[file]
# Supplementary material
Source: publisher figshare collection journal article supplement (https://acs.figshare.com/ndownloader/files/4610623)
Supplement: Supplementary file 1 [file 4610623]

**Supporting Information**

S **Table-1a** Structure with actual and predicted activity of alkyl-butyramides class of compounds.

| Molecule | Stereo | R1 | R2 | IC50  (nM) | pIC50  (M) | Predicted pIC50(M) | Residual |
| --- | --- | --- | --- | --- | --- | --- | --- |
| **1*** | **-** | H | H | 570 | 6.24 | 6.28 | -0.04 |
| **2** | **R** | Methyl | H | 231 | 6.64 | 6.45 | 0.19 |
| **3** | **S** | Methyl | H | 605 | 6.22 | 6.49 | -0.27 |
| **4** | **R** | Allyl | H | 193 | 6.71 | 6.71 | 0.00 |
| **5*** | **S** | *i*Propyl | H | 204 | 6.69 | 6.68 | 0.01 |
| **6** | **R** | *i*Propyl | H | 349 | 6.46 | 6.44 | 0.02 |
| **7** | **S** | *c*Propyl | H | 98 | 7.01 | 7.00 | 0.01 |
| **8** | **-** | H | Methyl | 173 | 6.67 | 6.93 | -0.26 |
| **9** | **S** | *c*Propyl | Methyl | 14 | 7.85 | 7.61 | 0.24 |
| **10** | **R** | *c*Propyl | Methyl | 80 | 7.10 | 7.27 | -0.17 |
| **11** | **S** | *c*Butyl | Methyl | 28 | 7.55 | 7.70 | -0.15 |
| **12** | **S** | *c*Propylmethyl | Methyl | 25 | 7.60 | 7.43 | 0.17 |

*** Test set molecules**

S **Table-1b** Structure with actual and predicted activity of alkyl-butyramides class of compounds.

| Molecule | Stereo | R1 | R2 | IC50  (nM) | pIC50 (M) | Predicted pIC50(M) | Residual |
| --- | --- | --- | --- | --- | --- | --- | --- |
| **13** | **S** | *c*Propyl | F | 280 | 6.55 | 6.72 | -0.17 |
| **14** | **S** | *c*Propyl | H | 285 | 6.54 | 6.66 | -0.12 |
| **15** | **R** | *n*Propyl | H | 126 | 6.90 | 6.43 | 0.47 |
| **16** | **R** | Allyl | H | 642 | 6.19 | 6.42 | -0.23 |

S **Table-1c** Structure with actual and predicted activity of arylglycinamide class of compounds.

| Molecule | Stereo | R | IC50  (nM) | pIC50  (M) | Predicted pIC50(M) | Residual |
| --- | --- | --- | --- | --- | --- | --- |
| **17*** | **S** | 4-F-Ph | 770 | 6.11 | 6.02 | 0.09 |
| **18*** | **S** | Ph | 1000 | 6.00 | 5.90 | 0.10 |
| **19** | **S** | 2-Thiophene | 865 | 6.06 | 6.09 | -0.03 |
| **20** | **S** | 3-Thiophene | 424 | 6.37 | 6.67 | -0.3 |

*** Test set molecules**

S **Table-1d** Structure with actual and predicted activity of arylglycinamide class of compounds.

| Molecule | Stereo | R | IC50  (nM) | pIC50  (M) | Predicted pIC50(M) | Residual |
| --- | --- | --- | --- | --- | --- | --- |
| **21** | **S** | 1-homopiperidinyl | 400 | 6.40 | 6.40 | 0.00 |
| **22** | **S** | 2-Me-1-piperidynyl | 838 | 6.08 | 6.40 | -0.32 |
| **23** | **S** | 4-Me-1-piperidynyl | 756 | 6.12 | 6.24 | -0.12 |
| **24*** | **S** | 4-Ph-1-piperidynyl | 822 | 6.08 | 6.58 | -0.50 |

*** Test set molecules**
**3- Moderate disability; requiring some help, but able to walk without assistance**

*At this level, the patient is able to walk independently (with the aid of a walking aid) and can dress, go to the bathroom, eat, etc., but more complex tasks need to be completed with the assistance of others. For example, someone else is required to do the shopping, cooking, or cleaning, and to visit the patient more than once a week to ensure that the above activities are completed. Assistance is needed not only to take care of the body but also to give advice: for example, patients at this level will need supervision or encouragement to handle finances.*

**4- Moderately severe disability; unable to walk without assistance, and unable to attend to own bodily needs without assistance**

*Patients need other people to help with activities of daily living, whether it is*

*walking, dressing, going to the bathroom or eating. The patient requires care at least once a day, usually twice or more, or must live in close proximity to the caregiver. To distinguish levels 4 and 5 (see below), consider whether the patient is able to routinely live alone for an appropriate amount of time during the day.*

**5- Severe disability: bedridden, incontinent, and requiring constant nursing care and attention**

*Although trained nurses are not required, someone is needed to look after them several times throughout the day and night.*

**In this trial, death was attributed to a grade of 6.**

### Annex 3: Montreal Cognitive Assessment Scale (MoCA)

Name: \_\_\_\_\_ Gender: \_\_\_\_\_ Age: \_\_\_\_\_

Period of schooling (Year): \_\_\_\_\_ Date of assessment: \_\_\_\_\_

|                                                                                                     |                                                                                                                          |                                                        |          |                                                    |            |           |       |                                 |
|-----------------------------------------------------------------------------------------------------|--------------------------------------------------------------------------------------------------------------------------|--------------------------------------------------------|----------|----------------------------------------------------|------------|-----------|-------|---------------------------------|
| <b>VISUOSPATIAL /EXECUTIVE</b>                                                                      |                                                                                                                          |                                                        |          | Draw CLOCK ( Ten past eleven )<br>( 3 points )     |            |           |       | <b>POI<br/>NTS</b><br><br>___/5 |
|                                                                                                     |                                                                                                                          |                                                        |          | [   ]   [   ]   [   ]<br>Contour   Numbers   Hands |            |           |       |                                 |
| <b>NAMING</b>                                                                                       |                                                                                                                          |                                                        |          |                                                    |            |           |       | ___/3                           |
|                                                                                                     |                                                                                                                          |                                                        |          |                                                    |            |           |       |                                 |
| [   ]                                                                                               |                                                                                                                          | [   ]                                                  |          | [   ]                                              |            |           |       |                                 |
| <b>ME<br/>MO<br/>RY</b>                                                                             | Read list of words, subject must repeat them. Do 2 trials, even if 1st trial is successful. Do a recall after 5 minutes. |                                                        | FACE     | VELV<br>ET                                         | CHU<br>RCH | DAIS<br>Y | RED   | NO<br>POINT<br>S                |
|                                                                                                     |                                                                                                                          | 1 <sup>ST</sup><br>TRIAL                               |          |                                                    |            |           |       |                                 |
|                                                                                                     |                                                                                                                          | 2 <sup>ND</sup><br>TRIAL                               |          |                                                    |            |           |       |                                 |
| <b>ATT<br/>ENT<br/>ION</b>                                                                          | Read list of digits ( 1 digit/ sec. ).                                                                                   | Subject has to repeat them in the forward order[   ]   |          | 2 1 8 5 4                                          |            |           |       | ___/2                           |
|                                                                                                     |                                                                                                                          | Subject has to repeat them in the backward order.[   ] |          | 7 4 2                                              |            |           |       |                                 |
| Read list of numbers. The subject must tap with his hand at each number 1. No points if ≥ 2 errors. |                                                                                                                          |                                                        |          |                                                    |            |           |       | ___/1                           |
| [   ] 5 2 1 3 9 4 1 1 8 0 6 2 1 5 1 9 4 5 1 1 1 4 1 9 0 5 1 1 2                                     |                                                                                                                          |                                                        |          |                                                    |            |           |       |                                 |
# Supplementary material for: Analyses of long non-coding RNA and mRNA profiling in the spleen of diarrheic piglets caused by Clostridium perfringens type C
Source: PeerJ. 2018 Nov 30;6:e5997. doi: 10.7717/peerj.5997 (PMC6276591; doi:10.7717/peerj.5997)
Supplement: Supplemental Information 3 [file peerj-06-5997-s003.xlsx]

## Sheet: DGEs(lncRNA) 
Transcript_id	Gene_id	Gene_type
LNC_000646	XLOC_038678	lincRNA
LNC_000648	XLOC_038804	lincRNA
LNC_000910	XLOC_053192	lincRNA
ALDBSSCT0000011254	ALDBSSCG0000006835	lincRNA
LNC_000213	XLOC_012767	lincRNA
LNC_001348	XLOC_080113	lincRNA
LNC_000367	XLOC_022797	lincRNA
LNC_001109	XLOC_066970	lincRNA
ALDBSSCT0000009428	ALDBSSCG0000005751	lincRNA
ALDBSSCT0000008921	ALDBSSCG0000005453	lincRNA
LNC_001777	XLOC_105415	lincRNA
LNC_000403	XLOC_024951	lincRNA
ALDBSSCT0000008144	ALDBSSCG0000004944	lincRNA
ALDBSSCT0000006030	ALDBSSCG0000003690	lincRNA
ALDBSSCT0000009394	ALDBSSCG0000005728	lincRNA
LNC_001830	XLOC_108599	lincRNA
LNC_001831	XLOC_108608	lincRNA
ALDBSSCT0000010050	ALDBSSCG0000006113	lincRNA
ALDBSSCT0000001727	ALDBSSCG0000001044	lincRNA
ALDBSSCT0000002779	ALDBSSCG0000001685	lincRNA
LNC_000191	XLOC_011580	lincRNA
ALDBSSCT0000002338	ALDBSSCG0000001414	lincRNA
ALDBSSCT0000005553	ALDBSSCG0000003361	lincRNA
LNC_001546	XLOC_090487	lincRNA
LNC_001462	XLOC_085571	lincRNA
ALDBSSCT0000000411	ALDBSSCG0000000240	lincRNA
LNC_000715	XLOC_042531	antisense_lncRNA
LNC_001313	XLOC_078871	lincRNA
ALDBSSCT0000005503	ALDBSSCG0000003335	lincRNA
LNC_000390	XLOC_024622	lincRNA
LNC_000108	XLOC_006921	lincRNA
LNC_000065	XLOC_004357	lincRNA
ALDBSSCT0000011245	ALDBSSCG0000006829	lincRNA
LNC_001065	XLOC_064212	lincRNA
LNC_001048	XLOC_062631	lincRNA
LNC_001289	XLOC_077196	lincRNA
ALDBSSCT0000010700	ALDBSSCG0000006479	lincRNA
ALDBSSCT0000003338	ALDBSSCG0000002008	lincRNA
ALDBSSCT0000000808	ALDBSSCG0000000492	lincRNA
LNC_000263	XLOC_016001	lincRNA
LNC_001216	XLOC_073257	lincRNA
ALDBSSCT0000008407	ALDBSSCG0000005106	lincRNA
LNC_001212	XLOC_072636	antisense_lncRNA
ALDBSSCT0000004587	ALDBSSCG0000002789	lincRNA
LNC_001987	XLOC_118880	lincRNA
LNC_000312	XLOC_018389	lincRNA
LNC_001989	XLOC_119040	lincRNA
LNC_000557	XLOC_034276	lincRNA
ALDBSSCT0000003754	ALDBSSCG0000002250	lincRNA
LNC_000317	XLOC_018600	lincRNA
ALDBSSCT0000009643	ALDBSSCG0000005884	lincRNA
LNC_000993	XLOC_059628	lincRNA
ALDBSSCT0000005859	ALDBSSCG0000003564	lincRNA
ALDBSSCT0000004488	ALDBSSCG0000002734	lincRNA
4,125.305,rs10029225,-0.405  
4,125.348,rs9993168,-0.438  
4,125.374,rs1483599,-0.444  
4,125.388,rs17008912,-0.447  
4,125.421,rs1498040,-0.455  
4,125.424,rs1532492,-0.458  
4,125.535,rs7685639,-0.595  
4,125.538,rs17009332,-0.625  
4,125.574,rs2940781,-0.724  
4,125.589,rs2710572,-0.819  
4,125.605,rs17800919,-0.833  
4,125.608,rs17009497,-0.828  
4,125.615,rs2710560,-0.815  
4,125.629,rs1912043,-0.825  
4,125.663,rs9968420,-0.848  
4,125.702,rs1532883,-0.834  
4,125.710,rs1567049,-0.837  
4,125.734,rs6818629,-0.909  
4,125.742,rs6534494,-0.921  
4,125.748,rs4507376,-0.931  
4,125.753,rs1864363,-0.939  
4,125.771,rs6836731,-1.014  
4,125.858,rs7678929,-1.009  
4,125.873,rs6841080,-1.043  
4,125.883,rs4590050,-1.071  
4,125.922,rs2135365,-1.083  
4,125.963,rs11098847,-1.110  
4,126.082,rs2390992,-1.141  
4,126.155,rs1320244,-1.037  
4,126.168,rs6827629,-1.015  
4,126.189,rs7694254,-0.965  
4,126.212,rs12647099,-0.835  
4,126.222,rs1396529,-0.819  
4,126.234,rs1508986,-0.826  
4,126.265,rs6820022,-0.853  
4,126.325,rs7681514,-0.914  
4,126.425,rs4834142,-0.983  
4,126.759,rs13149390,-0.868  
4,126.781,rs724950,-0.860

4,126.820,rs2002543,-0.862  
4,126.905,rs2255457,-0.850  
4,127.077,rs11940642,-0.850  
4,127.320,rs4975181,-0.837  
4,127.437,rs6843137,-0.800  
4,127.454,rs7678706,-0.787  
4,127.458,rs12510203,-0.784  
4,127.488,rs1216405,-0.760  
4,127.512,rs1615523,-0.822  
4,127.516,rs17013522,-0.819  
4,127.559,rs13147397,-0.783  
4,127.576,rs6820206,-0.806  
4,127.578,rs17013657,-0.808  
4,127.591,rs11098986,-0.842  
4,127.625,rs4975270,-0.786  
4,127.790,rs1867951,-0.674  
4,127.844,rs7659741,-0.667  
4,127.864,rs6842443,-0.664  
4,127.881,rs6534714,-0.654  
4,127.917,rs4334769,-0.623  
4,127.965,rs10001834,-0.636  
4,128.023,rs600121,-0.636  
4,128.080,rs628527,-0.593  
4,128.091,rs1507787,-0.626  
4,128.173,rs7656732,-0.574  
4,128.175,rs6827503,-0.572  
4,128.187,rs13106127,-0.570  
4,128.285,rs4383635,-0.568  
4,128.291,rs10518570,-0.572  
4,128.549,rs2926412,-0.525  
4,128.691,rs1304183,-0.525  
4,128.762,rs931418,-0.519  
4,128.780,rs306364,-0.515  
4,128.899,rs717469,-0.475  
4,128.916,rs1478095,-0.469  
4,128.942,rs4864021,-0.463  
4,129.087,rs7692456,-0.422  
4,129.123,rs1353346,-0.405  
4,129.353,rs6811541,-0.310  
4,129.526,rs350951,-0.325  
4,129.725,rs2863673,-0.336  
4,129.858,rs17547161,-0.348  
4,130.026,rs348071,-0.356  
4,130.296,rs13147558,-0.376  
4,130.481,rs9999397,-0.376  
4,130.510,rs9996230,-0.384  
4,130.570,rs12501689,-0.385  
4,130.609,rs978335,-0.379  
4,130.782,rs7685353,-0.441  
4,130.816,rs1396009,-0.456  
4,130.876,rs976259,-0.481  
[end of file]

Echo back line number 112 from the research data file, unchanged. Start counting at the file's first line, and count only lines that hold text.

ALDBSSCT0000000808	ALDBSSCG0000000492	lincRNA